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Market Orientation and Internationalization in SME

Market Orientation and Internationalization in SME

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Published by schowdhury386
This article builds on studies from the literature on market orientation (MO) and internationalization to develop a model and a set of hypotheses regarding the relationships
among MO, knowledge acquisition (KA), and market commitment (MC), and the direct and indirect effects of these variables on the performance of small and medium-sized enterprises (SMEs) in foreign markets. The model and its hypotheses are tested by means of an empirical study of a multi-industry sample of Spanish SMEs
operating in foreign markets. The results, obtained by structural equation modeling,
indicate that a direct positive relationship exists between MO and a strategy of internationalization, and that the effect of MO on performance in foreign markets is
moderated by KA and MC.
This article builds on studies from the literature on market orientation (MO) and internationalization to develop a model and a set of hypotheses regarding the relationships
among MO, knowledge acquisition (KA), and market commitment (MC), and the direct and indirect effects of these variables on the performance of small and medium-sized enterprises (SMEs) in foreign markets. The model and its hypotheses are tested by means of an empirical study of a multi-industry sample of Spanish SMEs
operating in foreign markets. The results, obtained by structural equation modeling,
indicate that a direct positive relationship exists between MO and a strategy of internationalization, and that the effect of MO on performance in foreign markets is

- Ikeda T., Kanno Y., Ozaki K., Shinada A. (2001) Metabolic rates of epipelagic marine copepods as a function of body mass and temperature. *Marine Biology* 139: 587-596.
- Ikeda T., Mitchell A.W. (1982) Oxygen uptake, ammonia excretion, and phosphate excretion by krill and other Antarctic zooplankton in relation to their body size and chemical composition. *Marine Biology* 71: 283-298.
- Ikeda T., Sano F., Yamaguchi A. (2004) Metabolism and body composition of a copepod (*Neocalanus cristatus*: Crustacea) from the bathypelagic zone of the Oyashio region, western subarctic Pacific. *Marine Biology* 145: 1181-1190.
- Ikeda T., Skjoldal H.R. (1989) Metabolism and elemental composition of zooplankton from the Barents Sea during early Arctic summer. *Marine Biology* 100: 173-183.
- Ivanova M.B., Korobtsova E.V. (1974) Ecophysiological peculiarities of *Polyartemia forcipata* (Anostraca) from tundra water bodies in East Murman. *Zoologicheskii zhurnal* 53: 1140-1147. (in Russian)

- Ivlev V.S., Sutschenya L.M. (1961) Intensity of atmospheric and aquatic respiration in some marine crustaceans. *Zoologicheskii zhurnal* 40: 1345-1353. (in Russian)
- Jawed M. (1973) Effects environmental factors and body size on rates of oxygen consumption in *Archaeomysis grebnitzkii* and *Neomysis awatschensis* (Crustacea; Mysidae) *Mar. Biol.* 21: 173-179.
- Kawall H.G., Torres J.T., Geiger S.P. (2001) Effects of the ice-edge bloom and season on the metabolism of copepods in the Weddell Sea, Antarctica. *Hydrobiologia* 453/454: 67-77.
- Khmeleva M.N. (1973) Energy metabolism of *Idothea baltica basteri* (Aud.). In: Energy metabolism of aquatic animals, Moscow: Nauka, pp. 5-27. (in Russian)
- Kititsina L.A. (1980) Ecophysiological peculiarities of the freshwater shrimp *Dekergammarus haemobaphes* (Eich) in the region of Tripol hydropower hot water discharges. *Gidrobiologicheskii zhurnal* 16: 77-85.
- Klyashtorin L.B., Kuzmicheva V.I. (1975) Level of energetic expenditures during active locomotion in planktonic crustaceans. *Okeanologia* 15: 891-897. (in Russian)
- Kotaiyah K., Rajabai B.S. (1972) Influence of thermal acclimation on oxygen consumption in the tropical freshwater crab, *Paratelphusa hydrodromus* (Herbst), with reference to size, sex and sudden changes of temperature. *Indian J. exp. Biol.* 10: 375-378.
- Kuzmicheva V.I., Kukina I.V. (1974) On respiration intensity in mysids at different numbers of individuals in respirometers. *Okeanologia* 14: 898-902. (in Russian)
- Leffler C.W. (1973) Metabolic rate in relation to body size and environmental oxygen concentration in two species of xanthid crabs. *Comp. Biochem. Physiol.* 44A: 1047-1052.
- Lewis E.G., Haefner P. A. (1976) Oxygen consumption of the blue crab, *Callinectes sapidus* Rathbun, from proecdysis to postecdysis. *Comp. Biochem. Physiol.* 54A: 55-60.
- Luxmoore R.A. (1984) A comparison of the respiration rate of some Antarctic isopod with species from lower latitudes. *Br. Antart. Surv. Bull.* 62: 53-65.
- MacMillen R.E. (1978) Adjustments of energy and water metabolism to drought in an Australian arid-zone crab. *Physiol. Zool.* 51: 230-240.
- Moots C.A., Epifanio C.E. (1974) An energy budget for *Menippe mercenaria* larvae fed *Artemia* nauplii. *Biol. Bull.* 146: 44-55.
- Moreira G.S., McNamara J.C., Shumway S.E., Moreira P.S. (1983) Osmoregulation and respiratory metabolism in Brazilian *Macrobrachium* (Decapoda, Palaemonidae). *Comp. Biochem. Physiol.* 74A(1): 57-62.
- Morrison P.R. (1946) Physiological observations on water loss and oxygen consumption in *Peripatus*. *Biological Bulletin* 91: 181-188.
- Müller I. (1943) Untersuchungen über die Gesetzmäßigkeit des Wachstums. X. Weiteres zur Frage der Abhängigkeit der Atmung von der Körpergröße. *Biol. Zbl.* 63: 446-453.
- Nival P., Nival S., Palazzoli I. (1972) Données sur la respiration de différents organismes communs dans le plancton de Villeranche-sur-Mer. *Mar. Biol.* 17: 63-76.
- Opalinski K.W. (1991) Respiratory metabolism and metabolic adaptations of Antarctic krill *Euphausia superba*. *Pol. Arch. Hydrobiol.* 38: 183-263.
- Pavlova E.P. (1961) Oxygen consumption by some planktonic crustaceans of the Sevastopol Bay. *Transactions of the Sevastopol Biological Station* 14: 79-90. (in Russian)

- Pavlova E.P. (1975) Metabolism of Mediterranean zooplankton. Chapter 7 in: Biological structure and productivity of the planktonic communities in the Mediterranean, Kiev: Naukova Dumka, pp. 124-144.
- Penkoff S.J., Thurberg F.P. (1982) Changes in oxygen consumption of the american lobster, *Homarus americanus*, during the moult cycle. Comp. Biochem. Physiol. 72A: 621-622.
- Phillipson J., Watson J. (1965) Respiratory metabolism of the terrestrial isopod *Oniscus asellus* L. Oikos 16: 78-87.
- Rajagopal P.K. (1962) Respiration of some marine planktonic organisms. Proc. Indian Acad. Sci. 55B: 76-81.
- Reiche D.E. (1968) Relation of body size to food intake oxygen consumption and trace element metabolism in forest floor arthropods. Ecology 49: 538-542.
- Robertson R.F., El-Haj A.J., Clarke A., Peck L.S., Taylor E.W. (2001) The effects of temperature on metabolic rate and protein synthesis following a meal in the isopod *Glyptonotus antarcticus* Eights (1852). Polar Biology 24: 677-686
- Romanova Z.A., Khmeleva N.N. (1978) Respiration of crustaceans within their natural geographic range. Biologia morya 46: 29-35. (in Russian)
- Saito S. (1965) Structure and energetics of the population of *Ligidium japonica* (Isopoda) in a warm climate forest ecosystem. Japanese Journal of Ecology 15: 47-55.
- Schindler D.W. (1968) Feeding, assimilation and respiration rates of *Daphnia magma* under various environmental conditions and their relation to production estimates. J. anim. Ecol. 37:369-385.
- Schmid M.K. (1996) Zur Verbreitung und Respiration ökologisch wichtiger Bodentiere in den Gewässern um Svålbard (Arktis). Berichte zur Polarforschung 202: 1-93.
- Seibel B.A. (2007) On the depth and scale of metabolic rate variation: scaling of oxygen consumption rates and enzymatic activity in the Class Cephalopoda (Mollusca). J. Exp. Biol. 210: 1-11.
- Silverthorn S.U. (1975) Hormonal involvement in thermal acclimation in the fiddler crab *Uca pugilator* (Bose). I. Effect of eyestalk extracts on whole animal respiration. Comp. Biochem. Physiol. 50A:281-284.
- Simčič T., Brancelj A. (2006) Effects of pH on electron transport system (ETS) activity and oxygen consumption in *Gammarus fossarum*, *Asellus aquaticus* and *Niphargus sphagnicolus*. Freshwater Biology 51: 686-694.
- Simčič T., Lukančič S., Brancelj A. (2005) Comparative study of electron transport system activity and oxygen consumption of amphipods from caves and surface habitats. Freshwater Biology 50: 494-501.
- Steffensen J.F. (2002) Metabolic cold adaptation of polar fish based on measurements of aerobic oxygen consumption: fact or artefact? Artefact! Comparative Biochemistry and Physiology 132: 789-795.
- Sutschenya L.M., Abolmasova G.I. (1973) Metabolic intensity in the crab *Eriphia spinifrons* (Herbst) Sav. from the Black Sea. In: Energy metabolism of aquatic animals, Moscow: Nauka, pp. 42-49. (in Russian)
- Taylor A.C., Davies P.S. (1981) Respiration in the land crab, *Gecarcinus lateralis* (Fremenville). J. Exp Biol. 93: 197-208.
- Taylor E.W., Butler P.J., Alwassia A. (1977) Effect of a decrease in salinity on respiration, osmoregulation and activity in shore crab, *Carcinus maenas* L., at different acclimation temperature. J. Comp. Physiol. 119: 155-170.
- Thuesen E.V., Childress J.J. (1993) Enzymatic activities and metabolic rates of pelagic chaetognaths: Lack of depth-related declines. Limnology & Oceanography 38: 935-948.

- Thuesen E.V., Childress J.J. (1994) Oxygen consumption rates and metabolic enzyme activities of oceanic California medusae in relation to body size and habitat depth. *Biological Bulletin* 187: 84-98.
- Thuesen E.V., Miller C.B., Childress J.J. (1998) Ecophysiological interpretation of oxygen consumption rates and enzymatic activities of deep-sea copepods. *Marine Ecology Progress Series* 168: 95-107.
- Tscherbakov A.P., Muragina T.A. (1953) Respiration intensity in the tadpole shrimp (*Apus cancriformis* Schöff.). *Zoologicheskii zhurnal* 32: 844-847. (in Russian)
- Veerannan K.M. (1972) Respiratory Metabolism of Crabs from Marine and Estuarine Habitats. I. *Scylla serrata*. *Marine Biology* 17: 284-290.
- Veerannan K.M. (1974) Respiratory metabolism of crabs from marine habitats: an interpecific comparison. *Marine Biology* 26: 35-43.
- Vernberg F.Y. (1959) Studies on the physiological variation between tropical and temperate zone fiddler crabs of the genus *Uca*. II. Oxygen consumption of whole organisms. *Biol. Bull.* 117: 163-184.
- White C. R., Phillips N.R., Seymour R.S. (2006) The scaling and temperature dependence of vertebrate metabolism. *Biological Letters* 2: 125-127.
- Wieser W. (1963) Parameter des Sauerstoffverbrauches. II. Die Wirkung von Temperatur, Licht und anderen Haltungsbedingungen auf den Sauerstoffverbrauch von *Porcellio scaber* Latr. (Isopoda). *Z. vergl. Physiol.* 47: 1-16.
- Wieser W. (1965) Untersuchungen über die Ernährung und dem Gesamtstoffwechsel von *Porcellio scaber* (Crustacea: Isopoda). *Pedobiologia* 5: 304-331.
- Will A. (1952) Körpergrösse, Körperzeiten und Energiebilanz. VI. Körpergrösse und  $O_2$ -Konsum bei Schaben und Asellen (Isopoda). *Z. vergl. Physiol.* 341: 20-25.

moderated by KA and MC.

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Published by: schowdhury386 on Mar 13, 2010
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09/27/2010

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 MarketOrientationandInternationalizationinSmallandMedium-SizedEnterprises
by Julia M. Armario, David M. Ruiz, and Enrique M. Armario
This article builds on studies from the literature on market orientation (MO) and internationalization to develop a model and a set of hypotheses regarding the rela-tionships among MO, knowledge acquisition (KA), and market commitment (MC),and the direct and indirect effects of these variables on the performance of small and medium-sized enterprises (SMEs) in foreign markets. The model and its hypotheses are tested by means of an empirical study of a multi-industry sample of Spanish SMEs operating in foreign markets. The results, obtained by structural equation modeling,indicate that a direct positive relationship exists between MO and a strategy of internationalization, and that the effect of MO on performance in foreign markets is moderated by KA and MC.
 Introduction
 There are two major perspectiveson the process of internationalization of small and medium-sized enterprises(SMEs). The first perceives the interna-tionalization of SMEs as being a sequen-tial process that leads from a domesticmarket to international markets in accor-dance with a “learning process,” where-by knowledge of the new markets isacquired and resources are increasinglycommitted to those markets (Johansonand Vahlne 1990, 1977; Cavusgil 1980;Bilkey and Tesar 1977). The secondperspective, derived from the inter-national entrepreneurship literature, con-tends that a firm can be “born global”(Rialp, Rialp, and Knight 2005; Andersson and Wictor 2003; McDougall,Oviatt, and Shrader 2003; Kuemmerle2002; McDougall and Oviatt 2000;Madsen and Servais 1997; Knight andCavusgil 1996; McDougall, Shane, andOviatt 1994). The current state oresearch suggests that, in mature indus-tries in which environmental change isminimal, the sequential perspective on
 Julia M. Armario is associate professor of Business and Economics at the University of Malaga, Spain.David M. Ruiz is associate professor in marketing at the University of Seville.Enrique M. Armario is senior lecturer in marketing at the University of Seville. Address correspondence to: Enrique M. Armario, University of Seville, C/ S. Fernando, 4,C.P. 41004-Seville, Spain. E-mail:earmario@us.es.
 Journal of Small Business Management 2008 46(4), pp. 485–511
 ARMARIO, RUIZ, AND ARMARIO 485